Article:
CRCSI ushers in new era of spatial innovation

By on 15 November, 2016


The Cooperative Research Centre for Spatial Information (CRCSI) is seeking a business model for its third incarnation. Peter Woodgate, the chief executive of the CRC, devoted a session of the recent CRCSI annual conference to debate ways and means of ensuring its survival and sustaining its ongoing initiatives.

Like all Cooperative Research Centres, CRCSI was originally conceived as a tripartite organisation with input from government, the private sector and academia, with substantial funding from the federal government.  This arrangement is given formal expression in the CRC by its colleges: one for ‘government’, one for ‘research’ and ‘43pl’, a consortium representing small to medium enterprises (SMEs).

[CRCSI’s] work on spatial infrastructures, especially on the cadastre, saved the nation millions of dollars annually.”

Significantly, there is a sunset clause in the enabling legislation that terminates CRCs after seven years.

There has never been much doubt but that CRCSI performs a valuable role in the industry so when, in 2010, it was proposed to extend the CRC for another seven years, there was very little opposition from within or without the industry. However, it seems to be a foregone conclusion that the federal government will not support a third round, when the second iteration of CRCSI winds up in July 2018. Agreements for CRCSI-3 will need to be in place by August 2017.

Nevertheless, CRCSI management is undertaking a vigorous fight to preserve it with a third iteration. Steve Jacoby, who leads CRCSI’s Government College said the CRC was too valuable to fail. He said its work on spatial infrastructures, especially on the cadastre, saved the nation millions of dollars annually.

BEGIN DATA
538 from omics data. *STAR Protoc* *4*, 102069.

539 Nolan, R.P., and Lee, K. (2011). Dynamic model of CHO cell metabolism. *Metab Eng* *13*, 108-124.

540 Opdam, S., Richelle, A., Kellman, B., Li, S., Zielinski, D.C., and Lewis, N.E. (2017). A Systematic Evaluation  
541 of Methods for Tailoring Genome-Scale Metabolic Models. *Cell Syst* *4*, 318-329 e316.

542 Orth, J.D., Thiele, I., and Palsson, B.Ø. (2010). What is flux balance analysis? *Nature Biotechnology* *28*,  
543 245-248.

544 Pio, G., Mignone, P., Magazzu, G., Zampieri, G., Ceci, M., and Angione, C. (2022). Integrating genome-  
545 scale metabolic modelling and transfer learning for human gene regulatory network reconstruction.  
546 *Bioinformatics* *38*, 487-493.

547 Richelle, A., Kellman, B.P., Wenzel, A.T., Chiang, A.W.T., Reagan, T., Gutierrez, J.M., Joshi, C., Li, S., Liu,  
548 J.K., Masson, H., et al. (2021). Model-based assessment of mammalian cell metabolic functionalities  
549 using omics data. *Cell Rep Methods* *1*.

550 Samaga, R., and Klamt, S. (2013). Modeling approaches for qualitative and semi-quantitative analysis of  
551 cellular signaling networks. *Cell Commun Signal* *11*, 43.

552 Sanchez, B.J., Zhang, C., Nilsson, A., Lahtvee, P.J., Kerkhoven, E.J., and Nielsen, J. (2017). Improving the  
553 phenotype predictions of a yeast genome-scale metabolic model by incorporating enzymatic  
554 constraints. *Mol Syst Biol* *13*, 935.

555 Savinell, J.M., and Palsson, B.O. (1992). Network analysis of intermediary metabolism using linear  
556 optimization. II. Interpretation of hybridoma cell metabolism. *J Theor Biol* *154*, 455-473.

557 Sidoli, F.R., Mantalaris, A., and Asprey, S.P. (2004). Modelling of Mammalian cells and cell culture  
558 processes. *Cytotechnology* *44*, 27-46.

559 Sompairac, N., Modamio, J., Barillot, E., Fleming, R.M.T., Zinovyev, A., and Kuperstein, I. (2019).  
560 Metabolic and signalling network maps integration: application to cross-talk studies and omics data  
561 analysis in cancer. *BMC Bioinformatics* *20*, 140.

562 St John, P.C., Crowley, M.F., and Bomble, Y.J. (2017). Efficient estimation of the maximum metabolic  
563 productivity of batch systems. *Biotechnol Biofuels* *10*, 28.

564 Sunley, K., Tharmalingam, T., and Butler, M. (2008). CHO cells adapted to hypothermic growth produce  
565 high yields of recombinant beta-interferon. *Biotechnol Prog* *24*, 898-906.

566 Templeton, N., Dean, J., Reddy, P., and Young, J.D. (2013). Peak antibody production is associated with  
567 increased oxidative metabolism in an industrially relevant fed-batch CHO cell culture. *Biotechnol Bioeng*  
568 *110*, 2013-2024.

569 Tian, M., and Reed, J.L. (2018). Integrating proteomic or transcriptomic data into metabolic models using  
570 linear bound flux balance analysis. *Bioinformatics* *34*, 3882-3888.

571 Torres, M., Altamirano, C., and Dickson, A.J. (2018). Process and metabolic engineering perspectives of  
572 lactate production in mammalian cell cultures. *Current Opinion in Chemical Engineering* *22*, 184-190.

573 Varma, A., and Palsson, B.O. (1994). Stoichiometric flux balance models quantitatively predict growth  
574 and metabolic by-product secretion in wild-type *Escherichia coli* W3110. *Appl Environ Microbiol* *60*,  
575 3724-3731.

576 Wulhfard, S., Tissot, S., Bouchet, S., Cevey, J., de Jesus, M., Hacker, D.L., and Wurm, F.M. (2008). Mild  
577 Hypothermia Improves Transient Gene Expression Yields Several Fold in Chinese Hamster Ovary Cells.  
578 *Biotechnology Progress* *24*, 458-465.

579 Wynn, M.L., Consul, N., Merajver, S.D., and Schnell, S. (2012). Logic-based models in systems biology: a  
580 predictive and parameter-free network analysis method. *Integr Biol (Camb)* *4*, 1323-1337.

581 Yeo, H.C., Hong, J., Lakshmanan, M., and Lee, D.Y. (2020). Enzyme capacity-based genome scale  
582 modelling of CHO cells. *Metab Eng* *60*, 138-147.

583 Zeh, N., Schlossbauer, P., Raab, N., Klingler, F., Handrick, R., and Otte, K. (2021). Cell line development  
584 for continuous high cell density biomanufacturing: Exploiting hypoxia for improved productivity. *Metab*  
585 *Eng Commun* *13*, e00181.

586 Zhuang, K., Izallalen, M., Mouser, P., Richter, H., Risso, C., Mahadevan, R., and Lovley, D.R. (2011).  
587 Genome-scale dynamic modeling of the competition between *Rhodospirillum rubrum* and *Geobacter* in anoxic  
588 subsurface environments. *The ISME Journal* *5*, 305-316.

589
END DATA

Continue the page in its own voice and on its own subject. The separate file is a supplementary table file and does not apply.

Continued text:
Woodgate laid out the central problem: CRCSI is dependent on the federal government for about a third of its funding. Replacing this will be a big, but not impossible, task.

David Sinclair, who chairs 43pl, the umbrella company that represents small and medium enterprises in the CRC, said 43pl would be part of any future incarnation of the CRC, but he said changes were needed. “The question is: Does 43pl add value to the voice of SMEs over and above the voice they would have as individual members?” he said.

He said there was a need to improve participation in 43pl. “Far too many of the current partners are passive members”, he said. As CRCSI covers both Australia and New Zealand, he also said the organisation needed to do more to ensure that New Zealand SMEs benefitted from membership. He said the organisation needed to be seen as the researcher of choice.

Dr Zaffar Sadiq Mohamed-Ghouse, a director of international relations at the CRC, says two strategies to re-invigorate the CRC’s finances, already in train, are for greater engagement with government agencies in state jurisdictions and the pursuit of international opportunities. Mohamed-Ghouse is also the chairman of the upcoming Locate and ISDE conference in 2017, where the latest in spatial and surveying research is set to take centre-stage.

Significantly, the CRC used its annual conference to sign three Memoranda of Understanding: one with the World Health Organisation’s Collaboration Centre on e-Health; one with Doctor Nik and Associates, a Malaysian engineering company with interests in Lidar and flood mapping; and one with IIC Technology in Hyderabad, a 6,000 staff hydrographic surveying firm.

The CRC is attempting to address its relationship with state jurisdictions by appointing staff in each of the states. They will be charged with managing relationships within that jurisdiction. Mohamed-Ghouse says there is significant opportunity for the CRC to pick up revenue from state jurisdictions to replace federal money, but CRCs offerings needed to be targeted more precisely to the particular requirements of each organisation.

Under the new dispensation, Peter Woodgate will remain as chief executive of the 30 or so staff.


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